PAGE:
The NMR spectral data indicate that the receptors 1–3 and intermediate I feature the cone conformation,21 showing two singlet peaks at 1.38–0.69 ppm in the 1H NMR and two doublet peaks at 31.5–30.7 ppm in the 13C NMR spectra. To further examine the 3D structure of thiacalix[4]pseudocrown receptors, the single crystal structure of 2 (Fig. 1) was determined by X-ray crystallography. Analysis of the data reveals that receptor 2 adopts a pinched cone conformation. The dihedral angles between the phenolic rings and the virtual plane defined by the four bridging sulfur atoms are 33.3(0), 56.0(1), 88.7(0), and 83.7(1)°. The average distance between two vicinal sulfur atoms is 5.523 Å, fitting the previously reported values.38 The two 1,2,3-triazole rings exhibit the same orientation, with dissimilar tilted angles. The dihedral angels between the triazole rings (N1–N2–N3–C14–C13) and (N4–N5–N6–C31–C32) and the anthraquinone ring (C23–C24–C26–C27–C28–C29) are 48.9(0) and 11.2(1)°, respectively. The anthraquinone unit in 2 shows a v-like shape, in which two outer phenyl rings make an interplanar angle of 21.1(1)°.39 Note that the intraannular carbonyl oxygen atom O3 is strongly bent out of the anthraquinone plane. This distortion may be ascribed to the intramolecular interactions between the carbonyl oxygen atom O3 and two ether bridges. The O3⋯O2 and O3⋯O5 distances are 2.665(6) and 2.674(7) Å, respectively, much shorter than the sum of the van der Waals radii of two oxygen atoms (3.04 Å).40 In the solid state, the molecule 2 possesses a well pre-organized array of oxygen atoms and nitrogen atoms of the triazole rings that are favorable for interaction with suitable guest species.


image file: c7ra06083a-f1.tif
Fig. 1 Crystal structure of 2, showing the atom-labelling scheme and the disordered atoms. Displacement ellipsoids are drawn at the 30% probability level. Hydrogen atoms and solvent molecules are omitted for clarity.

2.2 UV-vis and fluorescence studies

The recognition behavior of the receptors towards various cations was first evaluated by UV-vis and fluorescence spectroscopy. UV-vis spectroscopy of 1 and 2 in CH2Cl2/MeCN (1[thin space (1/6-em)]:[thin space (1/6-em)]1, v/v) solution revealed absorption maxima at 372 and 376 nm (Fig. S1, ESI), corresponding to the anthraquinone probe.34 The metal-binding properties of both receptors have been investigated by monitoring the absorption changes upon the addition of perchlorate salts of Li+, Na+, K+, Cs+, Mg2+, Ca2+, Co2+, Ni2+, Ag+, Cu2+, Hg2+, Zn2+, Cd2+, and Pb2+. As shown in Fig. 2, upon the addition of Zn2+ ions to the solution of 1, the absorption at 372 nm shifted to 399 nm with a significant absorbance enhancement. This change is probably due to the coordination of 1 with Zn2+. The fact is responsible for the turning of pale-yellow color into deep-yellow one that can be detected by the naked eye. The Job's plot for the binding of 1 with Zn2+ (Fig. S2, ESI) provides a 1[thin space (1/6-em)]:[thin space (1/6-em)]1 stoichiometry. The association constant log[thin space (1/6-em)]Ks obtained by fitting the titration data is 5.73 M−1. A similar behavior was observed for Cd2+ and Pb2+ ions, which exhibited a smaller shift to 385 and 387 nm (Fig. S3 and S4, ESI), respectively. No obvious changes were observed in the UV-vis spectra upon the addition of other metal ions. Under the same conditions, receptor 2 exhibited similar but smaller changes in spectral absorption in the presence of Zn2+, Cd2+, and Pb2+ ions (Fig. S5–S7, ESI). However, the association constants for 1 and 2 were nearly parallel (Table S1, ESI). Similarly, the Job's plot for the binding of 2 with Pb2+ (Fig. S8, ESI) also provided a 1[thin space (1/6-em)]:[thin space (1/6-em)]1 stoichiometry.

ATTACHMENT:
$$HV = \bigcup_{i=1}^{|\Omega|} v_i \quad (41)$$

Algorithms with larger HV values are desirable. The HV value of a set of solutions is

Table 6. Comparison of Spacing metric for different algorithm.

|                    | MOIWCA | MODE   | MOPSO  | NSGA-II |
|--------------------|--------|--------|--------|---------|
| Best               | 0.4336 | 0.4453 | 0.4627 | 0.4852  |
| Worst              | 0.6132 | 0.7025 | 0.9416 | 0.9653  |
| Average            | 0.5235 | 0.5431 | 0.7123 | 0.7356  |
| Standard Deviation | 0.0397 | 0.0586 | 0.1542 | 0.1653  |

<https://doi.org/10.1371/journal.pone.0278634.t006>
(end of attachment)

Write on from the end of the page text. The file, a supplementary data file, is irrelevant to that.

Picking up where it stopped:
image file: c7ra06083a-f2.tif
Fig. 2 Changes in the absorption spectrum of 1 (5.0 × 10−5 M) in CH2Cl2/MeCN (1[thin space (1/6-em)]:[thin space (1/6-em)]1, v/v) upon the addition of increasing amounts of Zn2+.

Assay of the ion affinity was also performed by monitoring the changes originating from the fluorescence intensity of 1–3 induced by metal ions. A systematic change in the fluorescence spectra associated with the addition of different metal ions is shown in Fig. 3.


image file: c7ra06083a-f3.tif
Fig. 3 Changes in the fluorescence emission intensity of 1, 2 (5.0 × 10−5 M) in CH2Cl2/MeCN (1[thin space (1/6-em)]:[thin space (1/6-em)]1, v/v), and 3 (5.0 × 10−5 M) in THF/H2O (9[thin space (1/6-em)]:[thin space (1/6-em)]1, v/v) at pH 7.4 in HEPES after the addition of 1.0 equiv. metal ions. I0 and I refer to the fluorescence emission intensity of 1–3 and that after the addition of metal ions, respectively.

In the fluorescence spectra, 1 exhibited a weak fluorescence with an emission band at 427 nm under excitation at 375 nm (Fig. S9, ESI). A clear fluorescence enhancement (ca. 140%, Fig. 4) was observed upon the addition of Pb2+ at 465 nm, whereas only 42% and 33% enhancements were obtained in the cases of Zn2+ and Cd2+ at 428 nm, respectively. Under identical conditions, no increase in the fluorescent emission was detected upon the addition of other metal ions involving Li+, Na+, K+, Cs+, Mg2+, Ca2+, Co2+, Ni2+, Ag+, Cu2+, and Hg2+.


image file: c7ra06083a-f4.tif
Fig. 4 Fluorescence spectra of 1 (5.0 × 10−5 M) in CH2Cl2/MeCN (1[thin space (1/6-em)]:[thin space (1/6-em)]1, v/v) upon the addition of perchlorate salts of Li+, Na+, K+, Cs+, Mg2+, Ca2+, Co2+, Ni2+, Ag+, Cu2+, Hg2+, Zn2+, Cd2+, and Pb2+ under an excitation at 375 nm.